China's Xi warns against 'impermissible' challenges in Hong Kong

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Tens of thousands of pro-democracy protesters delivered a rebuke to President Xi Jinping after the Chinese leader warned that Hong Kong must not become a launchpad for challenges to Beijing's authority.

"Any act that endangers the state sovereignty, challenges the central government's authority and the authority of the Basic Law of the Hong Kong Special Administrative Region, or that uses Hong Kong to penetrate and destruct the mainland, has crossed the red line, and must not be allowed", he said.

Pro-democracy campaigners have accused police of abusing their power and assaulting a number of their activists at a protest to mark the 20th anniversary of Hong Kong's return to Chinese sovereignty.

Many young people have also realized that Hong Kong would not have real democracy under the "one country, two systems" model, he said, adding that the trend of young people establishing their own identity while rejecting a Chinese identity would not stop.

He was briefed on how the Hong Kong Special Administrative Region Government, through investment in infrastructure, is enhancing its connections within the Guangdong-Hong Kong-Macao Bay Area as well as with the rest of Mainland, and on the strategy of strengthening Hong Kong as an global and regional logistics hub. The same goes for books that present Xi and other top Communist Party leaders in a negative light, whether they be carefully argued scholarly works or lurid, gossipy biographies.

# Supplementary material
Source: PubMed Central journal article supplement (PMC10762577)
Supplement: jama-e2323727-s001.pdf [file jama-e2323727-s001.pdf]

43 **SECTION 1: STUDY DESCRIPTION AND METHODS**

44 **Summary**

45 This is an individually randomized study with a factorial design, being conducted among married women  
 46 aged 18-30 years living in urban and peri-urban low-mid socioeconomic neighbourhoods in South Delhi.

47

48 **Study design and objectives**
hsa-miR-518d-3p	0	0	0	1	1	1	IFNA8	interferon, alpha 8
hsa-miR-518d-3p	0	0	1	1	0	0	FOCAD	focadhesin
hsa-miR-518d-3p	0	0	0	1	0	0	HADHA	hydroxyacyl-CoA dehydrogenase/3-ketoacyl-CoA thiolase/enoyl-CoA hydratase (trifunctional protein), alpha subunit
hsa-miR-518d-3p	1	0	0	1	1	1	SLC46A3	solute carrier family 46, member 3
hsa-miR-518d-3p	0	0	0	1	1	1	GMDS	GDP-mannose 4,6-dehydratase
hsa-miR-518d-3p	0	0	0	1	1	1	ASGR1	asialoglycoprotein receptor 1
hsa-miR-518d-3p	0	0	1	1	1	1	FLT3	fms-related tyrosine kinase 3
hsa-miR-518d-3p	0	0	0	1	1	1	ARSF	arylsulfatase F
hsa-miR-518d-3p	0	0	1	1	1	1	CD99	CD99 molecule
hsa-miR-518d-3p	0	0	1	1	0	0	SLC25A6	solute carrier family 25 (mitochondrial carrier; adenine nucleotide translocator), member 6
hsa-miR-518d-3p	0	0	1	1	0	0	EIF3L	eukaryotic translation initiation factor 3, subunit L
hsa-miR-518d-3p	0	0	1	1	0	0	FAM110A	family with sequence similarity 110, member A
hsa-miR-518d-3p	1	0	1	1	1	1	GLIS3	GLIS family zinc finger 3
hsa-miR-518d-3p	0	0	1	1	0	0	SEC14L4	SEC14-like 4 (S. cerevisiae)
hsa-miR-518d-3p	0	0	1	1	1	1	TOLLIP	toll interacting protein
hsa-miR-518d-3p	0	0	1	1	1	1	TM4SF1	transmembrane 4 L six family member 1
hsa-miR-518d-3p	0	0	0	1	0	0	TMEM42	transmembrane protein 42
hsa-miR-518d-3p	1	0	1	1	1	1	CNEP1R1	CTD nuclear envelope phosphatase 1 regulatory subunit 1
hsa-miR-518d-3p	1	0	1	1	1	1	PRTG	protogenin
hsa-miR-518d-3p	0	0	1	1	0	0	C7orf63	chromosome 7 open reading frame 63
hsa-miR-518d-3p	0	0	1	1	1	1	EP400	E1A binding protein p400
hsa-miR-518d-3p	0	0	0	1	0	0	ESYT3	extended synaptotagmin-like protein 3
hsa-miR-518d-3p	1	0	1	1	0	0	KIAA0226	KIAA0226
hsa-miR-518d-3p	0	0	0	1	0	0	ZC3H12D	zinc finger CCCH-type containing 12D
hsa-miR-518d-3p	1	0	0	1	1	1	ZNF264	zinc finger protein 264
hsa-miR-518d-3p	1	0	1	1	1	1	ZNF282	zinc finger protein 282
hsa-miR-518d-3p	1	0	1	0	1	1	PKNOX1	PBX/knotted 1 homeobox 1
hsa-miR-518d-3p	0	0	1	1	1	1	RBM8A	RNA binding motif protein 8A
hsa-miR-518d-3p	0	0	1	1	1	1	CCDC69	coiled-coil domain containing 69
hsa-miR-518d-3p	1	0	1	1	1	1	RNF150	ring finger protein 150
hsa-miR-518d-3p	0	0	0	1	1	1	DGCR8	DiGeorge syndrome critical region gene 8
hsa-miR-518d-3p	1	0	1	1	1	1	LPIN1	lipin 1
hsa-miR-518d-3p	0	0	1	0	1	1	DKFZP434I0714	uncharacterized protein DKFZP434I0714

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In many major Hong Kong newspapers, coverage of protests has been eclipsed by exhaustive accounts of Xi's itinerary and quotes from him, at a time when the media stands accused of succumbing to pressure from Beijing.

Associated Press photographer Kin Cheung has documented Hong Kong's transition to Chinese rule with several pairs of abstract photos based on daily life and local symbols.

Those protests were sparked by a Beijing-backed political reform package which said Hong Kong could have a public vote for leader, but that candidates must be vetted first.

"I am convinced that the practice of "one country, two systems" in Hong Kong will write a new chapter", he said. The pro-democracy movement lost considerable momentum after Beijing turned a cold shoulder to the 2014 protests.

Like all of Xi's official visits, this trip was carefully choreographed, and the city has been filled with police and security officers.

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The U.S. State Department also said Thursday that the USA "remains concerned about any infringement of civil liberties in Hong Kong", and expressed support for the "further development of Hong Kong's democratic systems".

There were fears that the PLA would crack down in Hong Kong when it was returned to China, particularly after Tiananmen, but it has kept a very low profile. In that symbolic place shouted slogans in favor of democracy and the release of Chinese Nobel Peace Prize Liu Xiaobo (terminal cancer patient) before being arrested by the police.

Small congregations of Pro-China groups were present, but were far outnumbered by the pro-democracy contingent.

Security was tight at the same harbour-front venue where two decades earlier, the last colonial governor, Chris Patten, tearfully handed back Hong Kong to Chinese rule at a rain-soaked ceremony.

In response to the USA and United Kingdom statements, Chinese foreign ministry spokesman Lu Kang detailed Hong Kong's "comprehensive achievements with the support of the central government and mainland".

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But it does little to reassure those seeking to preserve Hong Kong's autonomy and separate identity from the mainland or increase its political freedoms, as events of the past few days have shown.